Anti-pCREB (Ser133) (cat. ab32096), anti-TRAP (cat. ab191406), anti-Cathepsin K (cat. ab19027), anti-RANKL (ab9957), anti-M-CSF (ab52864), anti-MCP1 (ab73680), and anti-Osteocalcin antibodies (cat. ab93876) were obtained from Abcam (Cambridge, MA).

Anti-cMyc (cat. MA1-980) and anti-IL6 (AHC0762) antibodies were obtained from Thermo Fisher Scientific, Inc. (Waltham, MA).

Compounds

Trametinib, selumetinib, PD184352, ulixertinib, SCH772984, GDC-0994, everolimus, and omipalisib were purchased from Selleck Chemicals (Houston, TX, USA). These chemicals were dissolved in DMSO.

Quantitative PCR array

Total RNA was isolated using TRIzol (Thermo Fisher Scientific, Inc.) or RNeasy kit (Qiagen, Hilden, Germany) according to the manufacturer’s instructions. Single-stranded cDNA was synthesized from total RNA using the Maxima First Strand cDNA Synthesis Kit for RT-qPCR (Thermo Fisher Scientific, Inc.) according to the manufacturer’s instructions. Real-time RT-PCR was performed with QuantStudio 6 Flex (Applied Biosystems, Foster City, CA) using the Realplex system (Eppendorf, Hauppauge, NY) according to the manufacturer’s instructions. These data were analyzed in Microsoft Excel using the ΔΔCt method. All data were normalized to glyceraldehyde phosphate dehydrogenase gene expression values. The primers used for human genes and mouse genes are listed in Table S3. The results are expressed as the mean ± standard error (SE) from three independent experiments. P values were calculated using unpaired, two-tailed t-tests or one-way ANOVA with Dunnett’s multiple comparisons. Only significant values (P < 0.05) are depicted in the given heatmaps.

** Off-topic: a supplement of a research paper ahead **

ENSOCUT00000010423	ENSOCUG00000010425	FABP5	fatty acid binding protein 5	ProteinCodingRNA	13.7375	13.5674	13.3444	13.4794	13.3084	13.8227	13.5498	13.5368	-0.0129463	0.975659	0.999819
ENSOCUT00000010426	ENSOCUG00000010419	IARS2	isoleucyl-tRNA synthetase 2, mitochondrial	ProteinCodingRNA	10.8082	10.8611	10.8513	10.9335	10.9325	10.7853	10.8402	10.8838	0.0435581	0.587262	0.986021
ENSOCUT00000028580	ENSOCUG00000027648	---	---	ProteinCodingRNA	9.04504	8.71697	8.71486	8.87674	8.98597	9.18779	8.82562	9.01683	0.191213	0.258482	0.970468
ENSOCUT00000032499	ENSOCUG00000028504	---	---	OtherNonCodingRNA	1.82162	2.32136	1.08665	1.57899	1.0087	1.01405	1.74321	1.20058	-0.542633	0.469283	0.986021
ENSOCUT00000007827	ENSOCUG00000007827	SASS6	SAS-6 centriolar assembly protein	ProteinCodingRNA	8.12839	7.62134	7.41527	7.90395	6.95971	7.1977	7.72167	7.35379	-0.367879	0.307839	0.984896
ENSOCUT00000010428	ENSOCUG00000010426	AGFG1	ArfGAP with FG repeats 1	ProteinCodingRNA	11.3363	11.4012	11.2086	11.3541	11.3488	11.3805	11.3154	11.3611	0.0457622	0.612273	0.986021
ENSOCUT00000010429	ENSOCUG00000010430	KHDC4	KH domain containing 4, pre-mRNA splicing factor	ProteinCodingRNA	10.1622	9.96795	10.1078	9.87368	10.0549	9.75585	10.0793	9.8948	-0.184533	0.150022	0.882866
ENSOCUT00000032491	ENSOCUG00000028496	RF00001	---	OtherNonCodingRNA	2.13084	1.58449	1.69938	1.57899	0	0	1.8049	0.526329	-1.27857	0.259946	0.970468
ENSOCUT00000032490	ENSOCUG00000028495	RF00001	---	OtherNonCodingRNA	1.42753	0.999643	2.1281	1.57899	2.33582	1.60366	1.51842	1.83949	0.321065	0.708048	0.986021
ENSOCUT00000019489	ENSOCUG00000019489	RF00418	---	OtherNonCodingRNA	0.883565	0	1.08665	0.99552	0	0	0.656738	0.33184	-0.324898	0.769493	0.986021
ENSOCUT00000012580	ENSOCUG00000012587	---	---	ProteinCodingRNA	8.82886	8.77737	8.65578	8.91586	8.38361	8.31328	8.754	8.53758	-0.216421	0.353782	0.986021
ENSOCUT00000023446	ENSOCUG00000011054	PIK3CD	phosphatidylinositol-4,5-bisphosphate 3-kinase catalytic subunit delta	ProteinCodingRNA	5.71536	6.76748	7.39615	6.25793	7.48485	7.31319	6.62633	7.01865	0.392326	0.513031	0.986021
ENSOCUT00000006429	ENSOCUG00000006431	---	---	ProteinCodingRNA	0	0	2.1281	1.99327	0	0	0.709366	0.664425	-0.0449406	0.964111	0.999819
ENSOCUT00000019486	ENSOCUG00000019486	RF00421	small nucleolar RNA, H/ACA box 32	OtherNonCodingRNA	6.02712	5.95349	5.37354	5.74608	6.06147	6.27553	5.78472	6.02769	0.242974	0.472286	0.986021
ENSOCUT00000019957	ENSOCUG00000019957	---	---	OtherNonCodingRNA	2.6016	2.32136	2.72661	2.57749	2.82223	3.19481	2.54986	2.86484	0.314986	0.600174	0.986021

RT² profiler PCR arrays

Eighty-four human inflammatory cytokine and cytokine receptor genes were profiled using a real-time RT² Profiler PCR Array (Catalog No. 330231; Qiagen, Valencia, CA) in pERK1/2-high MDA231 and pERK1/2-low MCF7 cell lines (Table S1). All samples passed quality control (PCR array reproducibility, PPC, GDC).

Cell and tissue cultures